January 21st, 2015
Interdisciplinarity has been a watchword in academia for at least two decades. Yet when it comes to pedagogy, most of us are still unlikely to go looking for inspiration outside of our own disciplines. Some teaching resources do cross disciplinary lines. But I’d wager that the number of biologists who read College English is not much higher than the number of literature scholars who read the Journal of College Science Teaching (and in both cases, we may be talking single digits). While that’s understandable, I see much to learn from paying attention to how colleagues in other disciplines are changing the way they teach.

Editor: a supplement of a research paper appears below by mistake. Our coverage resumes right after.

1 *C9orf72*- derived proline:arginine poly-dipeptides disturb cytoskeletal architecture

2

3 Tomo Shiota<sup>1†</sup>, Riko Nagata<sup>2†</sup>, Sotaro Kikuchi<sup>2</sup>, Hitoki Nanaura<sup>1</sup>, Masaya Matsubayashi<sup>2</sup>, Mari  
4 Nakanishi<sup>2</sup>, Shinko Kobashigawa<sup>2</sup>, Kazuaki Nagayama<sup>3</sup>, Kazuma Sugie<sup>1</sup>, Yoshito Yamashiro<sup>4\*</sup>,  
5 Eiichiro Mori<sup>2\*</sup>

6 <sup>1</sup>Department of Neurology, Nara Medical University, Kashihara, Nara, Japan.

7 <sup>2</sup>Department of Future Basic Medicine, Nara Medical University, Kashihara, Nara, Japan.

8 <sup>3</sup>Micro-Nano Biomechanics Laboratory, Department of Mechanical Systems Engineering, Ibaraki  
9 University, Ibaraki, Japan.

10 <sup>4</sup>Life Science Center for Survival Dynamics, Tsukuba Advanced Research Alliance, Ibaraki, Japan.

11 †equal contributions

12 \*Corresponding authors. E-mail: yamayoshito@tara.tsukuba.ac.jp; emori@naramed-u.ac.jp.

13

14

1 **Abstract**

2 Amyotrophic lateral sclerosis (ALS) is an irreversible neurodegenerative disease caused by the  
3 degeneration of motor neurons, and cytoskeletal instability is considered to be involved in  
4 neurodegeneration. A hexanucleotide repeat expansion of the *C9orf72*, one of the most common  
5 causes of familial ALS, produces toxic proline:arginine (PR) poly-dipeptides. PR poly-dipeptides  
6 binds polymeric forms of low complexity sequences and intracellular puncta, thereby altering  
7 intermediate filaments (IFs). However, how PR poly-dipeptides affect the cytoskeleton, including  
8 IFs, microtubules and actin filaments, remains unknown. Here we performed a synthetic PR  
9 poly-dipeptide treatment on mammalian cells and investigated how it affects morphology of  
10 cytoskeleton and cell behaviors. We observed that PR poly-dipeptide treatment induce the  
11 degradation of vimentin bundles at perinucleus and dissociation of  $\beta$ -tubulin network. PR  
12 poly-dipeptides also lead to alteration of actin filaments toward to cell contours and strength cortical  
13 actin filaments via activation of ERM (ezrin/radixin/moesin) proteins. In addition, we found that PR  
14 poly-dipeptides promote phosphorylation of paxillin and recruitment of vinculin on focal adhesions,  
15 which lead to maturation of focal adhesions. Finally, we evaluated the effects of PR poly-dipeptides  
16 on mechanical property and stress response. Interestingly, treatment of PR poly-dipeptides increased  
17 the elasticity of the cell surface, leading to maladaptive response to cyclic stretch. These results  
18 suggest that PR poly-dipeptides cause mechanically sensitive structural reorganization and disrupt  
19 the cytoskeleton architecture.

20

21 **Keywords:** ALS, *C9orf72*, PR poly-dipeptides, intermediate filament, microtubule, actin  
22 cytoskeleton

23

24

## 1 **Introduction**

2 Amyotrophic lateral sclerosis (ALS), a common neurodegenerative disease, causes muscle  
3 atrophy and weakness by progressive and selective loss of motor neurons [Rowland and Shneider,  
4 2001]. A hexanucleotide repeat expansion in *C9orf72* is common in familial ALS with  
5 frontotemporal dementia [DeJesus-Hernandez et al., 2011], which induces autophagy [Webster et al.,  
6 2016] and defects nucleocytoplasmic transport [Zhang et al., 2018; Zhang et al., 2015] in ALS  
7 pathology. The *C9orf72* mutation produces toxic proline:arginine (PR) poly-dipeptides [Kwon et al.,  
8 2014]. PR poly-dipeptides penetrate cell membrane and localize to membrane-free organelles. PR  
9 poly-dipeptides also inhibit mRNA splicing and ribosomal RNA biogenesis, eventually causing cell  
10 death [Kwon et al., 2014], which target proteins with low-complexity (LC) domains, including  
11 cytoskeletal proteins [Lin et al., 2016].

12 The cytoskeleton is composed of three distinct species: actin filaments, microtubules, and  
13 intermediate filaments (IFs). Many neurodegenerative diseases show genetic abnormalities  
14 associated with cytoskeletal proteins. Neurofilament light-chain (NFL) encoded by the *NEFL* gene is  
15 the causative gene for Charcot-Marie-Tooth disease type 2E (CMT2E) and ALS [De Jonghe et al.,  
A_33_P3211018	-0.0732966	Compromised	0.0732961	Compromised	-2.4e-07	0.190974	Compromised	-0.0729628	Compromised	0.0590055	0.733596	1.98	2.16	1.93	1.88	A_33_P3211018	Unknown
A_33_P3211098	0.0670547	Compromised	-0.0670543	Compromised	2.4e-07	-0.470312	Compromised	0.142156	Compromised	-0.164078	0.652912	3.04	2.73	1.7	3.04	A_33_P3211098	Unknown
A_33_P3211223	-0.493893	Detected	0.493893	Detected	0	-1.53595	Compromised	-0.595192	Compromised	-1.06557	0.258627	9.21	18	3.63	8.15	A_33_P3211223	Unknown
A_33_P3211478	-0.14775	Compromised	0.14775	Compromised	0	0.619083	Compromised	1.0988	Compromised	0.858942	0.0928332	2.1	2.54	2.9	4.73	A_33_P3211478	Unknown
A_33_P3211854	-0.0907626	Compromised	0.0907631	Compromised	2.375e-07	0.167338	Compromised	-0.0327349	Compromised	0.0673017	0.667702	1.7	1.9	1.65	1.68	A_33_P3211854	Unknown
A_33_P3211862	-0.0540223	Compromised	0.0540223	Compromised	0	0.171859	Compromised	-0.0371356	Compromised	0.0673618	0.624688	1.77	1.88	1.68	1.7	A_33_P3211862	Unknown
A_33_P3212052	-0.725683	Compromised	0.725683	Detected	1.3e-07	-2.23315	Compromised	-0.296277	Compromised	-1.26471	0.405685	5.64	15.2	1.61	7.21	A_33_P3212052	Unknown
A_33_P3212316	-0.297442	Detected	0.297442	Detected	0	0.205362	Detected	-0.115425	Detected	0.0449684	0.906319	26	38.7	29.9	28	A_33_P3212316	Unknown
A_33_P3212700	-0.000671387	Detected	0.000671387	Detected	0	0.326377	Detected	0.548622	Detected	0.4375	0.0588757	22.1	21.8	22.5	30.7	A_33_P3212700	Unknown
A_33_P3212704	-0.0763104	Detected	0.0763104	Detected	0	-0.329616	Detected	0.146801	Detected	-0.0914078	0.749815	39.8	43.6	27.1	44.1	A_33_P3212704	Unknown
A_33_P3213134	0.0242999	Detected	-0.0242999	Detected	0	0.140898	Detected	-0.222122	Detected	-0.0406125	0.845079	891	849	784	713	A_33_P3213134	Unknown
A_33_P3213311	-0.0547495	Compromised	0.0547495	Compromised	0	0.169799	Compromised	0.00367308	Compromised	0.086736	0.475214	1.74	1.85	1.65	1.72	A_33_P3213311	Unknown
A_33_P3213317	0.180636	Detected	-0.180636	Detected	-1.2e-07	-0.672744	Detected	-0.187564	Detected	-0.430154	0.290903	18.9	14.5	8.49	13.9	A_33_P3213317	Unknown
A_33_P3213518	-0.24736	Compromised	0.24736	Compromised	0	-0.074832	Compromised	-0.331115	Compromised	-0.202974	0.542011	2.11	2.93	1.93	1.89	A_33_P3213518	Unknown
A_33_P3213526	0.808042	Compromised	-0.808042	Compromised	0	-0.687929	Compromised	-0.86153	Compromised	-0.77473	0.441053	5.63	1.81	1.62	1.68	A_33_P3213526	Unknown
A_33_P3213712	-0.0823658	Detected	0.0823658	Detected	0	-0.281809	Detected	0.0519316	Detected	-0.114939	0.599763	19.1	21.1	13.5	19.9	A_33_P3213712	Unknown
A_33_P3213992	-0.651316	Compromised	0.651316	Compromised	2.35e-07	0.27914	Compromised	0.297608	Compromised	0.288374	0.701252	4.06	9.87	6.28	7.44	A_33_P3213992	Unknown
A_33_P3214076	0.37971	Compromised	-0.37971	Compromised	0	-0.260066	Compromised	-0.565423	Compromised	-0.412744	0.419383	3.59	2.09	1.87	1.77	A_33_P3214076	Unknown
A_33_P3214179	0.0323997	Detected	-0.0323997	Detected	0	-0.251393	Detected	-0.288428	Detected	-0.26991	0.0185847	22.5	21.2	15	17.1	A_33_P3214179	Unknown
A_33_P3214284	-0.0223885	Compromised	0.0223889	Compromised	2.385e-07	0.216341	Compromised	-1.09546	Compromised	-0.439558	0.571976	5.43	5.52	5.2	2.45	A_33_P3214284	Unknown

To take a small step in that direction, I want to look at how scholars of composition and rhetoric have changed their approach in recent years, and what instructors in any discipline might learn from those changes.
Composition studies has seen a significant shift over the past 20 years, from an exclusive focus on writing skills to a broader emphasis on a variety of modes of communication, including oral, visual, aural, and digital. Underlying that shift is a questioning of the primacy of the written word and a healthy skepticism of the traditional privileging of writing—specifically, essay writing—as the only mode of expression we should be concerned with helping our students develop.